Uncle Sam Sets a Sack of Shit on Fire Upon the Threshold of the 20th Century
and runs until his lungs could collapse, until he no longer knows why he is running, no longer attached to his body, existing only as the long step, the upward punch of transitory earth—and falls laughing at the show, cracks a tall Blue Ribbon, and feels a momentary sorrow for the owner of that single-family home and perhaps their pair of newly ruined shoes.
But what was in the bag—buffalo? Barbed wire? The reaper which would sow the American line, coast to coast until all the grass was lucid, green, shimmering its sameness across the collective imaginary, the goals we were brought up on, nuked in the microwave, boiled in their own steadily increasing definitions? And the light’s littoral zones? All that it proves of the notched between?
Graffiti makes the forest ugly but the city beautiful. Yet what then of the suburbs, that odd transitional zone where the treeline shatters and great battles are fought, died for over unlocked dumpsters or unused attic space?
I’ve eaten bread from a can, regularly, and loved it, its cylindrical buttered brown, the tin’s impressions like plowed fields, the devotion it came served with, caramelized beans and various iterations of beef. It’s been this way always since my mother’s years on the family’s dairy farm, salting their ability to taste right off their tongues. It followed us all the way here, Sam.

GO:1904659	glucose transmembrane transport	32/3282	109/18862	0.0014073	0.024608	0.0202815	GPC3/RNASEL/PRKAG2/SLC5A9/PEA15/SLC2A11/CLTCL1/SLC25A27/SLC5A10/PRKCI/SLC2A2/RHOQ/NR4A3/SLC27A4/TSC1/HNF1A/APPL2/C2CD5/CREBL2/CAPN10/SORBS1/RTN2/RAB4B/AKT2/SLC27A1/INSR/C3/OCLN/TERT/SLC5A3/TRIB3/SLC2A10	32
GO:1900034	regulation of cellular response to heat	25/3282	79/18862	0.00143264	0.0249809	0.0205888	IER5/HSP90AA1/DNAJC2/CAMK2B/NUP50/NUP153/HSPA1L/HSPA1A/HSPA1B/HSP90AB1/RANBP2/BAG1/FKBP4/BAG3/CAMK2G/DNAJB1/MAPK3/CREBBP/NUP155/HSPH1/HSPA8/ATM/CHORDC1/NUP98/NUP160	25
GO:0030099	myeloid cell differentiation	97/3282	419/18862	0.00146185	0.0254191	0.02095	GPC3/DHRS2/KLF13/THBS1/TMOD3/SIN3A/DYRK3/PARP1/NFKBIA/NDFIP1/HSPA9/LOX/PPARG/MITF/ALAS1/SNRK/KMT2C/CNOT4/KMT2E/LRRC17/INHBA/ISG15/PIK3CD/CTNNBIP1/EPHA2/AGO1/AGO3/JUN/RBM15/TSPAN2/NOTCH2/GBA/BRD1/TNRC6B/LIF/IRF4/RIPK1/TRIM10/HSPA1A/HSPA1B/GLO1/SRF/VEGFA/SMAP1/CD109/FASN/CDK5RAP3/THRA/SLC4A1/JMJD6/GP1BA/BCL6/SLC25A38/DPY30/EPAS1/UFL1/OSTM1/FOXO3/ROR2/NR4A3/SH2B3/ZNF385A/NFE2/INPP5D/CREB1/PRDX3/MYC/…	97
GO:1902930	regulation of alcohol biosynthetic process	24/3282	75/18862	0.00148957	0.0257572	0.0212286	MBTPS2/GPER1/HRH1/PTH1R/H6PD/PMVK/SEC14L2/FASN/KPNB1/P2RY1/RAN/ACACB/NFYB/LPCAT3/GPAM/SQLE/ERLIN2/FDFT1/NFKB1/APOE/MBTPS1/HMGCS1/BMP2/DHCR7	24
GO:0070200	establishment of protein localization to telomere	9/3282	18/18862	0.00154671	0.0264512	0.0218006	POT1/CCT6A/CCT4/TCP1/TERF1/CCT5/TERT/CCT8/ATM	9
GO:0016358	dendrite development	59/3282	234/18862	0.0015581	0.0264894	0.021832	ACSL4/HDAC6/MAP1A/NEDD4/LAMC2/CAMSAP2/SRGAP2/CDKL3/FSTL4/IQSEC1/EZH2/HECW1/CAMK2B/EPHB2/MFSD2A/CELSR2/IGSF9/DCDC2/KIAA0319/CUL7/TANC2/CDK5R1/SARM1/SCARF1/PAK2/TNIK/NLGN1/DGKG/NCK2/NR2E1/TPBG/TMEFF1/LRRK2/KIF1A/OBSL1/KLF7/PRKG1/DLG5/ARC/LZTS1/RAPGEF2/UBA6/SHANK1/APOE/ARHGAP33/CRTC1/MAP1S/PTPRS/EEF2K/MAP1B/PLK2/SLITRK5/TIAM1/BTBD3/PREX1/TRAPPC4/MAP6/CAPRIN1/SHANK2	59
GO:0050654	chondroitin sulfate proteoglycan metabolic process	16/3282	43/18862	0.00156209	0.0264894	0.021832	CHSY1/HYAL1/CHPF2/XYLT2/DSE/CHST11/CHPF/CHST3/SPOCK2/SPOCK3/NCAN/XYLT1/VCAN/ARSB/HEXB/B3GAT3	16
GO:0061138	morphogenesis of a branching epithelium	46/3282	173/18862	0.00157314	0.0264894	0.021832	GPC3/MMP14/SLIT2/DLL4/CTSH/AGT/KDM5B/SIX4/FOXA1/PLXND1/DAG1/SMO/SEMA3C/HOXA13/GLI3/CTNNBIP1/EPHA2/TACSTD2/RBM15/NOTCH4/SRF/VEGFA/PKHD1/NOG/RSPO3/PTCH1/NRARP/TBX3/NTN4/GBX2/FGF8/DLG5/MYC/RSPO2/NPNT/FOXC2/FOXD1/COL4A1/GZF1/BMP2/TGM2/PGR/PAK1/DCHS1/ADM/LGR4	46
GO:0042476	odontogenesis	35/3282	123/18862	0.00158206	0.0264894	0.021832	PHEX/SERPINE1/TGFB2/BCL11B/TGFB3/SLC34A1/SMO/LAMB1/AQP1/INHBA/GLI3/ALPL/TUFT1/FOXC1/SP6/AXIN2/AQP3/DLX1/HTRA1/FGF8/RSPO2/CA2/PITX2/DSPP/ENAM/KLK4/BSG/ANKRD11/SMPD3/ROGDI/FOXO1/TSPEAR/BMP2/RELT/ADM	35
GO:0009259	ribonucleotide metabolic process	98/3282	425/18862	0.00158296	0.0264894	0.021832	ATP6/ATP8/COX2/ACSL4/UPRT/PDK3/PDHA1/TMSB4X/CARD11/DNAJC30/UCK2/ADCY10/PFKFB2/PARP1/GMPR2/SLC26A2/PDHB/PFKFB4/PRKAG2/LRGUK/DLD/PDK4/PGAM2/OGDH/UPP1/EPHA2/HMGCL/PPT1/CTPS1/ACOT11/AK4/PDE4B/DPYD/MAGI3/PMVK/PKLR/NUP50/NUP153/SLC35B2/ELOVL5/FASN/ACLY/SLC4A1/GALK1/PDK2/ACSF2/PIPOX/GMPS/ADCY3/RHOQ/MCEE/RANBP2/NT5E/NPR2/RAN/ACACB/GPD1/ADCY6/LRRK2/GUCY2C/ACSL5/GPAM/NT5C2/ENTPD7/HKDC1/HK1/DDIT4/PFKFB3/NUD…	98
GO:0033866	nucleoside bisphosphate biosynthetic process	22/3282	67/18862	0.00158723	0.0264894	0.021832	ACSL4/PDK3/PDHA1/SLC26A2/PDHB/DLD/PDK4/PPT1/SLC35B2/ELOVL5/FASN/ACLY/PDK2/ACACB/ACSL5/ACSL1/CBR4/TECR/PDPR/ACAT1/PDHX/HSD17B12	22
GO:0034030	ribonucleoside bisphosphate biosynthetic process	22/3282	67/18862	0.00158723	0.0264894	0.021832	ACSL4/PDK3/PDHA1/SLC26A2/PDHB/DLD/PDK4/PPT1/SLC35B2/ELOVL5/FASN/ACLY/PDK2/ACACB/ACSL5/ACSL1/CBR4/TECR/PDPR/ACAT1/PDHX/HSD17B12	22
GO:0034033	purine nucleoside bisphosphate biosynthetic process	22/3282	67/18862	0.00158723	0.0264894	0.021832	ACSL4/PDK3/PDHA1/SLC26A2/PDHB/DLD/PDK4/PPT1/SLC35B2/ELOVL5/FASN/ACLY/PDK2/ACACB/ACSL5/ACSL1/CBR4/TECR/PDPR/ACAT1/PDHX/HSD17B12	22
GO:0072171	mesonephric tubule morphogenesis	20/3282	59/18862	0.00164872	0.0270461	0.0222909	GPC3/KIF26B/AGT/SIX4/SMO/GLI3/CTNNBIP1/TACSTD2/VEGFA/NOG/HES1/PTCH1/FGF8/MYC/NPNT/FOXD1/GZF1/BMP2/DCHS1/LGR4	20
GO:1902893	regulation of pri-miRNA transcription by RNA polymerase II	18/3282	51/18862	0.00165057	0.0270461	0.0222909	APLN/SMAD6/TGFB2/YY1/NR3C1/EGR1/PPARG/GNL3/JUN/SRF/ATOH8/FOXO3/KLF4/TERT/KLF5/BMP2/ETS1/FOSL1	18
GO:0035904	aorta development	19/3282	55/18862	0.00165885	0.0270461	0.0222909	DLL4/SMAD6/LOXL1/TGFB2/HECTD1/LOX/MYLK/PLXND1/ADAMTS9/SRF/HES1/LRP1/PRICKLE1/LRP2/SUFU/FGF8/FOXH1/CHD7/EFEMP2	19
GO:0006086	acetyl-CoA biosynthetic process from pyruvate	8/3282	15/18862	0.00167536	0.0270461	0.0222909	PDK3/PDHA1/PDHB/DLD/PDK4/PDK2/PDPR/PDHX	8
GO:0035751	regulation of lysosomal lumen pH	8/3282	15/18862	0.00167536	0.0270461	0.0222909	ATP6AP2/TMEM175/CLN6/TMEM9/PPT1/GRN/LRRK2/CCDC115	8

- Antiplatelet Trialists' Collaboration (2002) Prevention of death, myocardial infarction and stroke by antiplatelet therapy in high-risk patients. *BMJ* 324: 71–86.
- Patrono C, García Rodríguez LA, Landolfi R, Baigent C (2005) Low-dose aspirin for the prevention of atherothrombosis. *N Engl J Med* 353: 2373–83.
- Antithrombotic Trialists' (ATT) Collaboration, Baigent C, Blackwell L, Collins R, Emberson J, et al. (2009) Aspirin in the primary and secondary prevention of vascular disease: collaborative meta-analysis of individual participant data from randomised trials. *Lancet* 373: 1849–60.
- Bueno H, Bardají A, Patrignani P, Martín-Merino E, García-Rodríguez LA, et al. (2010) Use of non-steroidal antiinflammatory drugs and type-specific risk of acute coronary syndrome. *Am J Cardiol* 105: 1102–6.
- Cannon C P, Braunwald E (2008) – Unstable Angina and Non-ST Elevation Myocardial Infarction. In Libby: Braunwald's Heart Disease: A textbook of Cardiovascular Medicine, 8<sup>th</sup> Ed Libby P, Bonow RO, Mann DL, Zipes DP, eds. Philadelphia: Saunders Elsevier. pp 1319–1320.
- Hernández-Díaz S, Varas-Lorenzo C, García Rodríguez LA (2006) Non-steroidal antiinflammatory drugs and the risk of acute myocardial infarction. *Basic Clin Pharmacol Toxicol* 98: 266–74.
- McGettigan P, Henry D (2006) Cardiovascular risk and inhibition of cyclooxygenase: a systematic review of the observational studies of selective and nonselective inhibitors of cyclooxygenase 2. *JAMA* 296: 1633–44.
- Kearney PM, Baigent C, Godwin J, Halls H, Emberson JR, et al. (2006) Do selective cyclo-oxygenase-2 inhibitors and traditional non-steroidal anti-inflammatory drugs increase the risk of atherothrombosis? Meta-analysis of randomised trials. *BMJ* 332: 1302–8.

Sam, I know my name. I’m your legacy. I have your initials, your parents, even if only one of us now has a body not burned to ash.
I’ve sat for hours in your branches, baby brother, watched, watered, mowed the green poaceae which your spirit feeds.
And way out here on the great American candy mountain, there are no lemonade or whiskey creeks, no fabled cigarette or fritter trees, and the cops and the incoming cars are real, no matter what you struggle to believe.
Seth García is an MFA candidate at the University of New Mexico, where he served as poetry editor for Blue Mesa Review. His work is either forthcoming or found in Alaska Quarterly Review, Zone 3, Slipstream, Boston Accent, and Reckoning, among other venues. He is the recipient of a North Street Collective Artist Residency.